It’s easy to dismiss this as ignorance and superstition, but apocalyptic predictions often emerge when, well, things are feeling pretty dang apocalyptic out there. According to a missionary working in China, there were concerns that Halley’s Comet had poisoned the water, and the comet’s arrival was seen as a portent of war and calamitous change. And then a few months later, the Xinhai Revolution began, killing hundreds of thousands of people and ending over two millennia of imperial rule. Similar concerns were supposedly voiced in Korea, which was annexed by Japan shortly after the comet came by. When change is already in the air, it doesn’t take much of an excuse to assume the worst is coming.
British believers got their evidence too, as King Edward VII happened to die while Halley’s Comet was present. While the obvious explanation was that a 68-year-old man who smoked cigars as fast as they could be handed to him and dismissed his repeated heart attacks as minor obstacles in his working day had succumbed to his health problems, the looming comet let more superstitious people believe what they would.
Oh, and this wasn’t even the only comet to freak people out in 1910. Before Halley swung around, the Daylight Comet arrived in January. Like an erection at a funeral, it was unexpected yet obvious. Appearing essentially out of nowhere, it was possibly the brightest comet of the century and a source of confusion to a public that had already been reading stories about Halley’s imminent return. A few newspapers made claims of panic, and while these may have amounted to “We heard about a guy who heard about a guy,” it got people thinking about comets and underlined the fact that astronomers didn’t have all the answers. If they did, they would have seen the Daylight Comet coming in the first place.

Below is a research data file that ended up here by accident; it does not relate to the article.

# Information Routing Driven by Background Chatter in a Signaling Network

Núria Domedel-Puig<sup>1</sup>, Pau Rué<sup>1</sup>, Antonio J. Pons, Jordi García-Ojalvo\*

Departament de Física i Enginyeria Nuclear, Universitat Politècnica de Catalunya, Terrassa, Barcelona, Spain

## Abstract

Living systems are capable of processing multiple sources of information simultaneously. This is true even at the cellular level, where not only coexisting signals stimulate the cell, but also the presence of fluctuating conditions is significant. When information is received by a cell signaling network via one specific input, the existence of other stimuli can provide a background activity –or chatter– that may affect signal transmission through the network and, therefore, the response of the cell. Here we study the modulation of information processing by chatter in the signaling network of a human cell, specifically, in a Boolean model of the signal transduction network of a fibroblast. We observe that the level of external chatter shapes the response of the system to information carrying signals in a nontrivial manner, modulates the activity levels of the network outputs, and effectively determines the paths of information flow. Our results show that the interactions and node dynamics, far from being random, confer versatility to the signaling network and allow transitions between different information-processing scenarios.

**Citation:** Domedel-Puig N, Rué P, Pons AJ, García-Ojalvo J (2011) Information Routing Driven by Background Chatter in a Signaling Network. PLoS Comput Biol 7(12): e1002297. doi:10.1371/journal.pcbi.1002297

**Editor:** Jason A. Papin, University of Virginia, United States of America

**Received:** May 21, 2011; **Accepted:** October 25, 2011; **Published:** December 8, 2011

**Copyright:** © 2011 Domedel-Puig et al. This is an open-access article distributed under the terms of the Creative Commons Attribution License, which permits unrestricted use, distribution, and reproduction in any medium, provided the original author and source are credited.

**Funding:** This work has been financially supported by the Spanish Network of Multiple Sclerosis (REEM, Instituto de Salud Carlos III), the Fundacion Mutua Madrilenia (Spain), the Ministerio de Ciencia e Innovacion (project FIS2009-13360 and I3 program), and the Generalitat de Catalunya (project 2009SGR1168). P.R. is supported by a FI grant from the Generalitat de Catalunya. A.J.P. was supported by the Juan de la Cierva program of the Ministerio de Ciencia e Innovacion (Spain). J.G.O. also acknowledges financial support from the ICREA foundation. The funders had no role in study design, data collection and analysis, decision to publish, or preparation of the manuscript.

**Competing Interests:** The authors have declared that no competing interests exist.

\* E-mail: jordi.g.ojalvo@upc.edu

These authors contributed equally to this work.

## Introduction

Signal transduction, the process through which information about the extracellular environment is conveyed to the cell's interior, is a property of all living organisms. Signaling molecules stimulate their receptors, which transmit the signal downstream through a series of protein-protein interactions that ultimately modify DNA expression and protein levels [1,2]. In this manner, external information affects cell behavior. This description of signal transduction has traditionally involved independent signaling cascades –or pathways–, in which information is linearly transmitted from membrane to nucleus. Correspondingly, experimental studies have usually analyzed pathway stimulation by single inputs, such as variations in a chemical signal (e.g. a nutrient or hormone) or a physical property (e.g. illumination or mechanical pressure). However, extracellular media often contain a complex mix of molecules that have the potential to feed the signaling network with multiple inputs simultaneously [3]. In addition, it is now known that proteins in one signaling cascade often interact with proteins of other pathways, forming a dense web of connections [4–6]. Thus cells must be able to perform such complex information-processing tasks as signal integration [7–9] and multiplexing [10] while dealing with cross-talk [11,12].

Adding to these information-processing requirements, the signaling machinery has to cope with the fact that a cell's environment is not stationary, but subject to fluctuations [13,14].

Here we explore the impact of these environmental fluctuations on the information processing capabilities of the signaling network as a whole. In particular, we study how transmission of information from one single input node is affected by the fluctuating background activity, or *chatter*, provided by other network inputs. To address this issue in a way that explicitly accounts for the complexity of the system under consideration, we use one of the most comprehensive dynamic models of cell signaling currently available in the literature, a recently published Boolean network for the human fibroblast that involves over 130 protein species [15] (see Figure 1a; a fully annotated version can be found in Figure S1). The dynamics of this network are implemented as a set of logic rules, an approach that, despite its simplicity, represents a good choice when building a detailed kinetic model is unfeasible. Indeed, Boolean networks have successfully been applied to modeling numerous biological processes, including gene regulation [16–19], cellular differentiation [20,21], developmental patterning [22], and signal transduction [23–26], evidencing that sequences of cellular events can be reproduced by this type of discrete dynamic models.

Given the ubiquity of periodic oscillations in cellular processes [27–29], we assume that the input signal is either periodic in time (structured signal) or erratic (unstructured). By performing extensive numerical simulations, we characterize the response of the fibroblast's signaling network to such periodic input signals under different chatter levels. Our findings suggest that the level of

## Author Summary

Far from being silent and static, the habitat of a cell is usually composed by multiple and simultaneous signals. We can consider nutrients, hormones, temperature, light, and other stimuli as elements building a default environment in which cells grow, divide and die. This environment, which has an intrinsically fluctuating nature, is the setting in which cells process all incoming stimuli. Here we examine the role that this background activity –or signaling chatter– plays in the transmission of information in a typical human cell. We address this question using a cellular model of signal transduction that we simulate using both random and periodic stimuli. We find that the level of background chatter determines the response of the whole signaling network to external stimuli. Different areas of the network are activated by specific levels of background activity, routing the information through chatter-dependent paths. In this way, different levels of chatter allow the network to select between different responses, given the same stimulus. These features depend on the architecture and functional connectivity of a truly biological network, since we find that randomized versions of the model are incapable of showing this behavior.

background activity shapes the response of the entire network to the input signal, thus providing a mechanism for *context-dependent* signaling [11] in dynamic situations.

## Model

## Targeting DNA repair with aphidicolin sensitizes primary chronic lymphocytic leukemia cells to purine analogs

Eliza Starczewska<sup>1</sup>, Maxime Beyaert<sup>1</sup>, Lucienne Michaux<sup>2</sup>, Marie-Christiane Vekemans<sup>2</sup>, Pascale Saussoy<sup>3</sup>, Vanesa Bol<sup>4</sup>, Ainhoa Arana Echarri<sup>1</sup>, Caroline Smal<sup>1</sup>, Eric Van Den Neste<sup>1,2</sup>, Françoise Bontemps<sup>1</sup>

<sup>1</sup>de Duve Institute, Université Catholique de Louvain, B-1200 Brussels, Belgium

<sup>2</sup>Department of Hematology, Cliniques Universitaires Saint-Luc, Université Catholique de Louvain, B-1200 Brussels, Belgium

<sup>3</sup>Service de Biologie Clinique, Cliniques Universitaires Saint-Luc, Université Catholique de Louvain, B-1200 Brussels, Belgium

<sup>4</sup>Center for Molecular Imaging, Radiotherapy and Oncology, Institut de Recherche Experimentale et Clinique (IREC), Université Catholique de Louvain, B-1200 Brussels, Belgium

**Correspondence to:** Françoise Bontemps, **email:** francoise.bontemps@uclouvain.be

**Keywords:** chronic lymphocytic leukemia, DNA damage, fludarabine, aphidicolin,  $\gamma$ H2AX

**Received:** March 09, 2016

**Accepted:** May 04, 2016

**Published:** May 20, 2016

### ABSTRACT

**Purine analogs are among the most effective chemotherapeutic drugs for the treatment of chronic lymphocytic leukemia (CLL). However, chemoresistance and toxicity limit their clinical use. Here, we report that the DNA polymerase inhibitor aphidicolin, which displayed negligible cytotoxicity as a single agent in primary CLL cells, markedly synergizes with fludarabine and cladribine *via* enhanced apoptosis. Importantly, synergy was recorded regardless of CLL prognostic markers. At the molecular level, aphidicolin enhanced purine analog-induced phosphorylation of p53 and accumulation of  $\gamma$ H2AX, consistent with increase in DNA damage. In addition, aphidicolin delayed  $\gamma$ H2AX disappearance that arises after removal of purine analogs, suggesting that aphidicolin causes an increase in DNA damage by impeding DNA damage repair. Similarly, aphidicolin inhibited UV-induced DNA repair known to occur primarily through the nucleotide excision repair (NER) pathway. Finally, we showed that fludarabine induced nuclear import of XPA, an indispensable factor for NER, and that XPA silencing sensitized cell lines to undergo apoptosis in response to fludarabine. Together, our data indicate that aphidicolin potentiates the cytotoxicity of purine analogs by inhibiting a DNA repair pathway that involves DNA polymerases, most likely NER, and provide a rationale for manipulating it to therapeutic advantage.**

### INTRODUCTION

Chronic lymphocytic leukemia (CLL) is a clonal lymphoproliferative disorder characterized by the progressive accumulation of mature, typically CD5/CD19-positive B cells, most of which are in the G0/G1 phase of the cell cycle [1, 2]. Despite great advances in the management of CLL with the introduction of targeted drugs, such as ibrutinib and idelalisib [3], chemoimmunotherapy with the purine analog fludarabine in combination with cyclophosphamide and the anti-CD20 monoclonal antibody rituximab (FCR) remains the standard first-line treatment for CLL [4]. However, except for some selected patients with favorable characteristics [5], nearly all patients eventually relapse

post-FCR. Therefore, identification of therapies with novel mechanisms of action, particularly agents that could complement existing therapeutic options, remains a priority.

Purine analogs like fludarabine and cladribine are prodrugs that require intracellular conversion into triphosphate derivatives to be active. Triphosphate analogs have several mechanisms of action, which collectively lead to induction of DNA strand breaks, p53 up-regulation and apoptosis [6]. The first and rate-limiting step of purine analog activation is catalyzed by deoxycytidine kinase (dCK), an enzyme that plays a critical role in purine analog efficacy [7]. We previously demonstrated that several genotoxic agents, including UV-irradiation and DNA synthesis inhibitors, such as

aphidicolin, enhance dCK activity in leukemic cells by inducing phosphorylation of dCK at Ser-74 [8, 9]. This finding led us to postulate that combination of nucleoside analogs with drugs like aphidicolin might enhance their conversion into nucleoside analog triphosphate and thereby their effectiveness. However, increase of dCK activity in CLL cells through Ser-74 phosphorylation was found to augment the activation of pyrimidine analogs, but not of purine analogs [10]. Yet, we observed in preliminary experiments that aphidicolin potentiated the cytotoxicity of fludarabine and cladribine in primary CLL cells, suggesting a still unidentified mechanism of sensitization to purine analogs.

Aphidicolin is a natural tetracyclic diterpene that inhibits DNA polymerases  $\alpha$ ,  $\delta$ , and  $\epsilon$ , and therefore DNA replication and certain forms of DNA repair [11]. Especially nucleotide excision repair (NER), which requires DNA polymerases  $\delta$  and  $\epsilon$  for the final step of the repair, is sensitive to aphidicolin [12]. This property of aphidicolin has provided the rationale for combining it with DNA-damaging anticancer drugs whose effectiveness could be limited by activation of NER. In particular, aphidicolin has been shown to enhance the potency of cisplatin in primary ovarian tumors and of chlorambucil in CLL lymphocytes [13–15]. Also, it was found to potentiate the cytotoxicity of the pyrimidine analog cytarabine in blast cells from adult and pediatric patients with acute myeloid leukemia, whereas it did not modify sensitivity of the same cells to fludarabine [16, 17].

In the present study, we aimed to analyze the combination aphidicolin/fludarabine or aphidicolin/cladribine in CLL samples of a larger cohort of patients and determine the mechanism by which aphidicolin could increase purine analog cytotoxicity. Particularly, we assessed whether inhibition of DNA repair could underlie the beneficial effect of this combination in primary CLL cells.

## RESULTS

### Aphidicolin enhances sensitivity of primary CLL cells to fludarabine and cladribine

The apocalypse changes with the times and, in 1910, purely religious claims had given way to scientific doom. That the majority of astronomers saw no cause for concern was no reason to ignore the weirdos who did, creating a story that made newspapers take the lazy ol’ “well, both sides make good points” stance on the issue of whether a rock hurtling through space would kill us all. Believers could point to the “science” they liked and the sources that parroted it, and a market sprung up to take advantage of them. Over a century later, that hasn’t really changed.
Flammarion himself was an oddity, a sincere believer in some of the era’s spiritual trends but also generally dismissive of mediums, psychics, and other forms of quackery thanks to his (relatively) robust application of the scientific method. His own whimsy may have gotten the better of him -- in 1893 he’d written a novel about a comet colliding with the Earth -- and by the time he tried to walk back his claims about Halley’s Comet the story was already out of control. He would remain a trusted scientific source while also publishing a book arguing that ghosts were probably real, but only in a tiny fraction of claimed cases.
If there’s a lesson we can learn from the comet apocalypse that wasn’t, maybe it’s that we tend to panic when the experts tell us not to yet become prone to demanding that life goes on as normal when we’re told it needs to change. It’s like there’s always a need to believe the contrarian story, to demand the drama of the apocalypse when life is fine and the steadiness of normality when it isn’t. Or maybe comets are just big and scary.
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You can check out further installments of Oofageddon! below:
The Woman Who Was Pregnant with the Messiah (at 64)
In 1844, Americans Sold All Of Their Stuff Because Jesus Was Coming Back
In The '60s, The Truly Devoted Believed Aliens Would Save Us From Nukes
In The 1970s, A Bestseller Claimed The Planets Would Align And Destroy Everything